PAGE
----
Money! It probably crosses your mind at least once a day. Maybe you think, “Yay! I have loads of it!”. Or maybe you think, “Crap, I need loads of it!” I’ve been on both sides of the spectrum. I want to share an experience I hope will keep you from making the same financial mistakes I just did.
Disclaimer: I take complete, 100% responsibility for my financial life and I expect you to do the same. I am not a certified financial planner and I don’t play one on the internet. Now on to the lessons!
So, I had an extra chunk of change just sitting around in a savings account about a year and a half ago that was earning very little interest. I knew I wanted to grow this small investment. But, I really didn’t know what to do with it in the current market and I was unwilling to do the research to figure it out at the time. So, I turned to someone at a national financial institution who had been taking care of a family member’s money for over a decade. He advised me to get into a particular investment based on my goals and I handed over my cash. I checked it periodically but I was busy. I’m a professional actor and producer, I don’t want to have to follow the financial markets. When I had a concern I called my advisor and he assured me things would get better. “It’s going to swing back up”. ” Trust me”, he said. So, I did. This pattern went on for about a year and a half. Last week I decided that I was fed up and pulled that investment from the market. What did I find? I found that my portfolio lost 25% of it’s value! What the hell happened?! I told him what my goals were. I voiced my concerns. I followed his advice! What the hell happened!?!!?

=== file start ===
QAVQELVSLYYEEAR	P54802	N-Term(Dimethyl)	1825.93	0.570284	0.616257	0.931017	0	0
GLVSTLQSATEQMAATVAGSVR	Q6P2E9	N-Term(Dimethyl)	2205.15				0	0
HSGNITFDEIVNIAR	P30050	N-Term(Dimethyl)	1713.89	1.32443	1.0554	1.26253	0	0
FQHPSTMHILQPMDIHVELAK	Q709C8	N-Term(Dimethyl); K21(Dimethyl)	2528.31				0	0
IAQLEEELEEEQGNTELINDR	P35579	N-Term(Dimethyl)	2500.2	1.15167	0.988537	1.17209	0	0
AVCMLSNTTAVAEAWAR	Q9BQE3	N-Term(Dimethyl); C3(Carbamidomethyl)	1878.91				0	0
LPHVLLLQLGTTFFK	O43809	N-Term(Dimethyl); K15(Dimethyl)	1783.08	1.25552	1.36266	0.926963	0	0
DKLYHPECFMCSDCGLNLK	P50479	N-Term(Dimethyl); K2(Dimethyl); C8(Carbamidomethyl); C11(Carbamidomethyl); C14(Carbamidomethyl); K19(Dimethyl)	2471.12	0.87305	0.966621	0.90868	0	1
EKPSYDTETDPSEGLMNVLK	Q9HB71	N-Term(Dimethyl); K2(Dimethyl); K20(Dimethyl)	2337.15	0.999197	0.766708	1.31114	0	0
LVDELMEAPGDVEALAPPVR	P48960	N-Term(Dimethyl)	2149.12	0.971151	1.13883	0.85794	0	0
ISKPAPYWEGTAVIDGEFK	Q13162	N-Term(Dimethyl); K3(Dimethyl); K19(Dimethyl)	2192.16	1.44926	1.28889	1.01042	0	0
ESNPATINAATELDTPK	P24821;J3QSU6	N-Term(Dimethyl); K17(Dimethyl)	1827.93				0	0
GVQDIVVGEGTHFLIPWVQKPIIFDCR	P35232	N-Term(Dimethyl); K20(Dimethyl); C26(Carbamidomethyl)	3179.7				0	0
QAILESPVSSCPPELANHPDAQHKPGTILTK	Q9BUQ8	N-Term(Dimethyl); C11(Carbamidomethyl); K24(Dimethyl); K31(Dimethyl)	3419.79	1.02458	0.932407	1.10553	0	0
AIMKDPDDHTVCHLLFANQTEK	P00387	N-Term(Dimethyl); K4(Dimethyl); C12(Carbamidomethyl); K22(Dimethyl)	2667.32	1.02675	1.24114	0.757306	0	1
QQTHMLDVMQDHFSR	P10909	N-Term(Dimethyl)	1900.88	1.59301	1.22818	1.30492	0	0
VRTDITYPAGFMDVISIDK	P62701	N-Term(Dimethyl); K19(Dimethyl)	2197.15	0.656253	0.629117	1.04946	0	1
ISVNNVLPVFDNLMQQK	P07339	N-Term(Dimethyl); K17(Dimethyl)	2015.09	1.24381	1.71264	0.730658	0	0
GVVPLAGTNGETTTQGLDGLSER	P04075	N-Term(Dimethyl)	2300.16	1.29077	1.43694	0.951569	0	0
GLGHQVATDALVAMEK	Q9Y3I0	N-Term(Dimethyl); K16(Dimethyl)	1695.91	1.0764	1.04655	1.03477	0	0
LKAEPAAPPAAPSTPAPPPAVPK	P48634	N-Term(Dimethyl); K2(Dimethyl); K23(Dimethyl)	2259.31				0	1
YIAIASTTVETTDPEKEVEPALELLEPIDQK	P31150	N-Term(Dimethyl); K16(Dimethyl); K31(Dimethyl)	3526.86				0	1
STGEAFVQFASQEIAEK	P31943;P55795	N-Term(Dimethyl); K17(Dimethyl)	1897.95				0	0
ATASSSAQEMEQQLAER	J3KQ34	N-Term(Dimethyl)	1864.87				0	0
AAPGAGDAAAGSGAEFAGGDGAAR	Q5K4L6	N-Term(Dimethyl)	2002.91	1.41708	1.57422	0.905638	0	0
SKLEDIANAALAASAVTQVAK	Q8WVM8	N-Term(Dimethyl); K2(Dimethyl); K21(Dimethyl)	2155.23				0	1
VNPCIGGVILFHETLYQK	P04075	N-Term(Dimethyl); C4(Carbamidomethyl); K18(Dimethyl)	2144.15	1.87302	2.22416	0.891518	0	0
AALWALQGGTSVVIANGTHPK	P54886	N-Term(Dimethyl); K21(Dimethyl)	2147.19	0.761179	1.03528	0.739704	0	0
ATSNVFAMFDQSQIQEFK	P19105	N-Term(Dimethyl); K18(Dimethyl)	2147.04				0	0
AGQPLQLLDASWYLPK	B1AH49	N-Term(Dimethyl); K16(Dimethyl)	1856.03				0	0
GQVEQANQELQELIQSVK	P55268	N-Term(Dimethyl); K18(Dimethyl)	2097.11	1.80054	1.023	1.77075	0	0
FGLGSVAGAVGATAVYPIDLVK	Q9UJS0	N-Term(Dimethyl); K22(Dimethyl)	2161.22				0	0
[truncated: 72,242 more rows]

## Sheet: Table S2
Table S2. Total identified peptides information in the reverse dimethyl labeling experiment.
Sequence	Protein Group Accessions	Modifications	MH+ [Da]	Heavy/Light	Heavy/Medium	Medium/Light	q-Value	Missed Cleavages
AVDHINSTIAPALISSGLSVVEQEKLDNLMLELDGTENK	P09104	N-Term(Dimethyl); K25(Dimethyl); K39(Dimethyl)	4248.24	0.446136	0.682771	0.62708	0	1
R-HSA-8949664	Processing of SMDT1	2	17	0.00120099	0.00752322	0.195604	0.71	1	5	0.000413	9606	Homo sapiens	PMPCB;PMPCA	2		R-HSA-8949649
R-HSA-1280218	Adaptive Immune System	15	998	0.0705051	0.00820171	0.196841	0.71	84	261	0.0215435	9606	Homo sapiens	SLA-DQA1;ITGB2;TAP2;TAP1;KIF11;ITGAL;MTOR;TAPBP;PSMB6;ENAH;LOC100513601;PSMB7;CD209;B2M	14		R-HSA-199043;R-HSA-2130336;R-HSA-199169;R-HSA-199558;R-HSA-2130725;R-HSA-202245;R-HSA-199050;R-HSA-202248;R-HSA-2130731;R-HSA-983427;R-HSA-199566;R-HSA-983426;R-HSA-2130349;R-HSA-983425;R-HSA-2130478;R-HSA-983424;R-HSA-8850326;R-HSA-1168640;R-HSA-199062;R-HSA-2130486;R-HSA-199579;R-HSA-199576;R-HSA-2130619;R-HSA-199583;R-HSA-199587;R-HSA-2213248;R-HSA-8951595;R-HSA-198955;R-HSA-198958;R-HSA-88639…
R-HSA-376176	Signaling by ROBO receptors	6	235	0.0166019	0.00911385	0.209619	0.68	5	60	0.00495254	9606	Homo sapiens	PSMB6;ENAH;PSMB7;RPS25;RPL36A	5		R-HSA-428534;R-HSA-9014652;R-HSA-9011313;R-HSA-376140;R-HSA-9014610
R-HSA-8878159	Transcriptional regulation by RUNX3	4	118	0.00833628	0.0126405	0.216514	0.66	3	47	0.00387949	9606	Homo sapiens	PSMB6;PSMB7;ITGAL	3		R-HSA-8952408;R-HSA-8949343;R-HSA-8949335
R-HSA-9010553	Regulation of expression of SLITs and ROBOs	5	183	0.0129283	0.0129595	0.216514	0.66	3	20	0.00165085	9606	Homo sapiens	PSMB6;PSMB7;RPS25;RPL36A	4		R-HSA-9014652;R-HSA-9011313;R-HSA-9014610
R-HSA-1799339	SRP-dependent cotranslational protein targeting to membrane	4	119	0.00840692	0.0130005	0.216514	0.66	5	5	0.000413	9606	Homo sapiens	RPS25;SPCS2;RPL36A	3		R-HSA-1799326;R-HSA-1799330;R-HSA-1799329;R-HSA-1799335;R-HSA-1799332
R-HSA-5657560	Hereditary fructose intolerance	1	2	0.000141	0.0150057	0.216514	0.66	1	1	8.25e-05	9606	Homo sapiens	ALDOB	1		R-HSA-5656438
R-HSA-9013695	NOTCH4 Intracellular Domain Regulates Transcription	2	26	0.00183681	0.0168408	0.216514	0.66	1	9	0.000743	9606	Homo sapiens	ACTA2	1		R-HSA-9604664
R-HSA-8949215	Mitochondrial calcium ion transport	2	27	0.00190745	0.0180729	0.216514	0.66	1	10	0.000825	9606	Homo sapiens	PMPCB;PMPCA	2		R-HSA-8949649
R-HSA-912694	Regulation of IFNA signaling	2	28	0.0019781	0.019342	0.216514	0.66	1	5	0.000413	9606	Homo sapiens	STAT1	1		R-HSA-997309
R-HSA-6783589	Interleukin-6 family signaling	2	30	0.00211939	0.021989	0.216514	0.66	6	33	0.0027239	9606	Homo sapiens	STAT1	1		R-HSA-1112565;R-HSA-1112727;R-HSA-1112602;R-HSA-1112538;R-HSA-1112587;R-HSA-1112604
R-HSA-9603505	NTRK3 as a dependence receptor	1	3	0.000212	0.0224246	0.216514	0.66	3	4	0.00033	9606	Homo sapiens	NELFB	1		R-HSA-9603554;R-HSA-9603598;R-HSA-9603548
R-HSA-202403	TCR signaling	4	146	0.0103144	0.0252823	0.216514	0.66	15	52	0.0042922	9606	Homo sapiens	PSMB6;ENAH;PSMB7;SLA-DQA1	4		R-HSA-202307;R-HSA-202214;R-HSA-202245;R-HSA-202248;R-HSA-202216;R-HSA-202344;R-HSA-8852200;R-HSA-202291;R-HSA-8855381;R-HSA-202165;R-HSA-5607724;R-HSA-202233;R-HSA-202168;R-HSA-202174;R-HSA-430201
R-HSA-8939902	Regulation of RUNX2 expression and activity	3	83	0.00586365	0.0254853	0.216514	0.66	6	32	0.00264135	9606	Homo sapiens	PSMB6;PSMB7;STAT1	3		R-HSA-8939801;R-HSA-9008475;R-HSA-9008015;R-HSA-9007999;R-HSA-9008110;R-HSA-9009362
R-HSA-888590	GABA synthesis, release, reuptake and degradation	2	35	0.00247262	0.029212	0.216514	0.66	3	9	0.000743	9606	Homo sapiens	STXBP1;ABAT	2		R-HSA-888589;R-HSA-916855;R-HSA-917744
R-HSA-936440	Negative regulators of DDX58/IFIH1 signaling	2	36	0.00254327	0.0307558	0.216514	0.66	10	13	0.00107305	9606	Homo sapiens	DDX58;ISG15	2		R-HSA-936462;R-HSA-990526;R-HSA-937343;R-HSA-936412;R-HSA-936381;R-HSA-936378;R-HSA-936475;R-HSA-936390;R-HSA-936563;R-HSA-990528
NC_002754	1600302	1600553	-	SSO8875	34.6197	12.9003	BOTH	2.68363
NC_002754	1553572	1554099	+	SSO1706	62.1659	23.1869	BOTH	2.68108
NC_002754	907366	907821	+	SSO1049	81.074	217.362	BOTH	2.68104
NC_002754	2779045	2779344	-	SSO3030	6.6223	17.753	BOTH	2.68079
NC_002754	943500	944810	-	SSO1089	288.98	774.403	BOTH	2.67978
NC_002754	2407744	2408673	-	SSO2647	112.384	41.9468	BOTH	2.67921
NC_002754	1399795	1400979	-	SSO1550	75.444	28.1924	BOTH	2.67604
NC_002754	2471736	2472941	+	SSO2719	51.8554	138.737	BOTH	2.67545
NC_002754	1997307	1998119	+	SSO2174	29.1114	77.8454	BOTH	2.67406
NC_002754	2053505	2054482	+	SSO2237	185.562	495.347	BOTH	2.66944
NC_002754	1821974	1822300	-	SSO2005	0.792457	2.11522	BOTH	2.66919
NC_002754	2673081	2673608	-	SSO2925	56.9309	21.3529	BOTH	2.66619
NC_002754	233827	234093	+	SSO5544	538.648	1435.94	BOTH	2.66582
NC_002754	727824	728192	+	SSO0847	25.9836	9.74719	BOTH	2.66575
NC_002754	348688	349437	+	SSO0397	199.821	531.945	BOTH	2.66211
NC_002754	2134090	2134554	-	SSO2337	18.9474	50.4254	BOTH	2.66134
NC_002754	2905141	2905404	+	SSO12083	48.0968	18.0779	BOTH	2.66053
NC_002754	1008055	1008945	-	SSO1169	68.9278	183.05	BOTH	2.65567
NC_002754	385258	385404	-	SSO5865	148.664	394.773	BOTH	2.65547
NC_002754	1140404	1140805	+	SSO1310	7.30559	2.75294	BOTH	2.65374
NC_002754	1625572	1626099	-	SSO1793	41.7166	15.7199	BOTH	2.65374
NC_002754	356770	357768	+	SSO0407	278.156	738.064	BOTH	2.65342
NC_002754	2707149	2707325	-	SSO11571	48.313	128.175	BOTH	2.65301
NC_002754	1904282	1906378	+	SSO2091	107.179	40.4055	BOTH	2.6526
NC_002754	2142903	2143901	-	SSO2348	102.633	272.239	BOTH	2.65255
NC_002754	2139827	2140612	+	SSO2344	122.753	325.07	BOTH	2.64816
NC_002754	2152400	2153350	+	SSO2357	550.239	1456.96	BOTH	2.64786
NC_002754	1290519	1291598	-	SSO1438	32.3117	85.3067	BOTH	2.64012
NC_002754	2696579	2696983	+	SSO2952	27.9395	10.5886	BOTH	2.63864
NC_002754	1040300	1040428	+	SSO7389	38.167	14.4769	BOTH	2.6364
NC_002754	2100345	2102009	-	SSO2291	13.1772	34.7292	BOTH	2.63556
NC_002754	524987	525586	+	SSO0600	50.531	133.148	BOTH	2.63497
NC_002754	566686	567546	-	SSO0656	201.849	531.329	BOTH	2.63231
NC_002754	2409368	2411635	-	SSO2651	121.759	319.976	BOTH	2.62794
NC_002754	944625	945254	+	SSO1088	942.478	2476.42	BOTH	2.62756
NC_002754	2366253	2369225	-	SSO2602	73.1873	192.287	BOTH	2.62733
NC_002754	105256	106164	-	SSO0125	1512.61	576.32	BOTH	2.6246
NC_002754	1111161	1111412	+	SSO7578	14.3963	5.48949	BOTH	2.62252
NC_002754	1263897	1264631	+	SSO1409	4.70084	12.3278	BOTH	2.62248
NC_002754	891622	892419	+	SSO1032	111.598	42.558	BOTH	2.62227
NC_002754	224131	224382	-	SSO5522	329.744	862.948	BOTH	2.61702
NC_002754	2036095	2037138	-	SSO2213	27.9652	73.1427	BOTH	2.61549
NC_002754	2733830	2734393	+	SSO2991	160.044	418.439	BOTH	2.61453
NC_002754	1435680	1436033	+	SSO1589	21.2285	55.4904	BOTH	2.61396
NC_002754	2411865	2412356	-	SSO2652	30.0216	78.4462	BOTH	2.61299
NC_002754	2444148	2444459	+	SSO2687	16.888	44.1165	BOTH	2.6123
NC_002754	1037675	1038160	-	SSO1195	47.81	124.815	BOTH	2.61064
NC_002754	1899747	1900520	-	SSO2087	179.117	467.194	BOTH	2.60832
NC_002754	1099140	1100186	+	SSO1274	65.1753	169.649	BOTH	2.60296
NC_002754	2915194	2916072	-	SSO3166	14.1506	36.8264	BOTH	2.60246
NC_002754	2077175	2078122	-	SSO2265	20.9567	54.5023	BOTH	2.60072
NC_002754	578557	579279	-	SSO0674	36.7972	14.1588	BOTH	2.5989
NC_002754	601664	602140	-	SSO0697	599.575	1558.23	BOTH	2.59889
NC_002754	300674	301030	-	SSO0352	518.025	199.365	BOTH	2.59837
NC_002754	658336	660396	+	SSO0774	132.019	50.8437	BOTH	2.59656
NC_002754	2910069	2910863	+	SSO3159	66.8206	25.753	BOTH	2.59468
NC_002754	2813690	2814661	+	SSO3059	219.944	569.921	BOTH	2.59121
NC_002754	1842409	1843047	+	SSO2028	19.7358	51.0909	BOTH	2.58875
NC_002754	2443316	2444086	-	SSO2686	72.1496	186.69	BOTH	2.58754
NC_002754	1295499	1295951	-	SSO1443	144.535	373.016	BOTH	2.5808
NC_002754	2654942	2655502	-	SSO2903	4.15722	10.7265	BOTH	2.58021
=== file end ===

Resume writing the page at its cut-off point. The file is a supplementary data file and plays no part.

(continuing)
What I did right:
I had an extra five figures to invest because of a few good habits.
1. Pay yourself first from every dime you earn. This is an old, time tested rule and for good reason. Start by saving just $5 a week or 5% of your net earnings and increase the savings from there as soon as you are able. Compound interest is your best friend! You could start by putting this in a high yield savings account. It might just barely outpace inflation but at least it’s not going anywhere. Presuming you are debt free I recommend setting aside enough cash for a 3-6 month “emergency fund” to help you through the rough patches in life. If you are not debt free, get debt free and still pay yourself first. Everything after that should go toward paying your bills and purchasing assets. An asset is something that puts money in your pocket. A liability is something that take money out of your pocket. Read “Rich Dad, Poor Dad” to learn more about this concept.
2. Automate your expenses. All of my expenses are on auto pay. I set them and forget them. I use Mint.com to put all of my finances in one place so I can have a bird’s eye view of my financial life every week when I review it. Also, I put all of my expenses on a credit card with great cash back or points/rewards. Currently I’m using the Chase Sapphire Preferred card. I highly recommend it. Therefore every time you buy something you are getting something in return. You will also be building your credit score which will help you down the line when you want to buy a house or a car. Pay the full balance off EVERY month. I repeat: Never carry a balance. Too much consumer debt is the number one dream killer out there. Don’t go into credit card debt.